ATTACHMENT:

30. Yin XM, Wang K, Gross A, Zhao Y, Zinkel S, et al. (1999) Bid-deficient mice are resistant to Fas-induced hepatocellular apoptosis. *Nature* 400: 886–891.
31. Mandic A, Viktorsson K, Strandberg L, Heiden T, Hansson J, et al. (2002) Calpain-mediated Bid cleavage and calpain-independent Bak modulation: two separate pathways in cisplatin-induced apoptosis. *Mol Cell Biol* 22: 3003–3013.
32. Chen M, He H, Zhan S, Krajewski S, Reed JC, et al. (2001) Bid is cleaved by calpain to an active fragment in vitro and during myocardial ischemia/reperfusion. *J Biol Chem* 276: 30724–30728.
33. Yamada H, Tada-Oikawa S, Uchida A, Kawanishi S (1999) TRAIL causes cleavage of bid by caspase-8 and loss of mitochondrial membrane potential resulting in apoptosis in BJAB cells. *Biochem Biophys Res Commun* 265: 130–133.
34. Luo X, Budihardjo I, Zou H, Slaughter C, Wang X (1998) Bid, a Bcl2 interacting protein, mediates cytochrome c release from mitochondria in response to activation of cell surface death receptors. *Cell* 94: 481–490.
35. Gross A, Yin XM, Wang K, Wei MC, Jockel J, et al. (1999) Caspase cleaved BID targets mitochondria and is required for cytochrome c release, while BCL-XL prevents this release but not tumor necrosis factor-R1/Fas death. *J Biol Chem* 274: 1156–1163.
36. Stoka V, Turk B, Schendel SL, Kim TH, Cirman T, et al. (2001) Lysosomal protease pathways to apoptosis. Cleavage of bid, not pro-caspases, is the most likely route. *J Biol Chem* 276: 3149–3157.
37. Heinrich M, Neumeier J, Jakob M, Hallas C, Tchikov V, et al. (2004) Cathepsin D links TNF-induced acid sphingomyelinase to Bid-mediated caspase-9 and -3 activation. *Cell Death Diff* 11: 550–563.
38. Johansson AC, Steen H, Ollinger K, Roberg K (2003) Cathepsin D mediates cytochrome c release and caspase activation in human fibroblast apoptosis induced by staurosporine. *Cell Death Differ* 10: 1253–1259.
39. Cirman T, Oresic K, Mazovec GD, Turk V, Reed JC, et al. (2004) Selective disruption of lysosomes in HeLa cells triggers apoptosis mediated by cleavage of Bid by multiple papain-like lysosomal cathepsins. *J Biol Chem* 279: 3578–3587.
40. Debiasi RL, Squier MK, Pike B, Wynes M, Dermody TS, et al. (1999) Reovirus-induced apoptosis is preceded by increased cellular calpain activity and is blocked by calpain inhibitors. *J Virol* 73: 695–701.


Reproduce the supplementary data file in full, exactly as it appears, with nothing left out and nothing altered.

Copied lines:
30. Yin XM, Wang K, Gross A, Zhao Y, Zinkel S, et al. (1999) Bid-deficient mice are resistant to Fas-induced hepatocellular apoptosis. *Nature* 400: 886–891.
31. Mandic A, Viktorsson K, Strandberg L, Heiden T, Hansson J, et al. (2002) Calpain-mediated Bid cleavage and calpain-independent Bak modulation: two separate pathways in cisplatin-induced apoptosis. *Mol Cell Biol* 22: 3003–3013.
32. Chen M, He H, Zhan S, Krajewski S, Reed JC, et al. (2001) Bid is cleaved by calpain to an active fragment in vitro and during myocardial ischemia/reperfusion. *J Biol Chem* 276: 30724–30728.
33. Yamada H, Tada-Oikawa S, Uchida A, Kawanishi S (1999) TRAIL causes cleavage of bid by caspase-8 and loss of mitochondrial membrane potential resulting in apoptosis in BJAB cells. *Biochem Biophys Res Commun* 265: 130–133.
34. Luo X, Budihardjo I, Zou H, Slaughter C, Wang X (1998) Bid, a Bcl2 interacting protein, mediates cytochrome c release from mitochondria in response to activation of cell surface death receptors. *Cell* 94: 481–490.
35. Gross A, Yin XM, Wang K, Wei MC, Jockel J, et al. (1999) Caspase cleaved BID targets mitochondria and is required for cytochrome c release, while BCL-XL prevents this release but not tumor necrosis factor-R1/Fas death. *J Biol Chem* 274: 1156–1163.
36. Stoka V, Turk B, Schendel SL, Kim TH, Cirman T, et al. (2001) Lysosomal protease pathways to apoptosis. Cleavage of bid, not pro-caspases, is the most likely route. *J Biol Chem* 276: 3149–3157.
37. Heinrich M, Neumeier J, Jakob M, Hallas C, Tchikov V, et al. (2004) Cathepsin D links TNF-induced acid sphingomyelinase to Bid-mediated caspase-9 and -3 activation. *Cell Death Diff* 11: 550–563.
38. Johansson AC, Steen H, Ollinger K, Roberg K (2003) Cathepsin D mediates cytochrome c release and caspase activation in human fibroblast apoptosis induced by staurosporine. *Cell Death Differ* 10: 1253–1259.
39. Cirman T, Oresic K, Mazovec GD, Turk V, Reed JC, et al. (2004) Selective disruption of lysosomes in HeLa cells triggers apoptosis mediated by cleavage of Bid by multiple papain-like lysosomal cathepsins. *J Biol Chem* 279: 3578–3587.
40. Debiasi RL, Squier MK, Pike B, Wynes M, Dermody TS, et al. (1999) Reovirus-induced apoptosis is preceded by increased cellular calpain activity and is blocked by calpain inhibitors. *J Virol* 73: 695–701.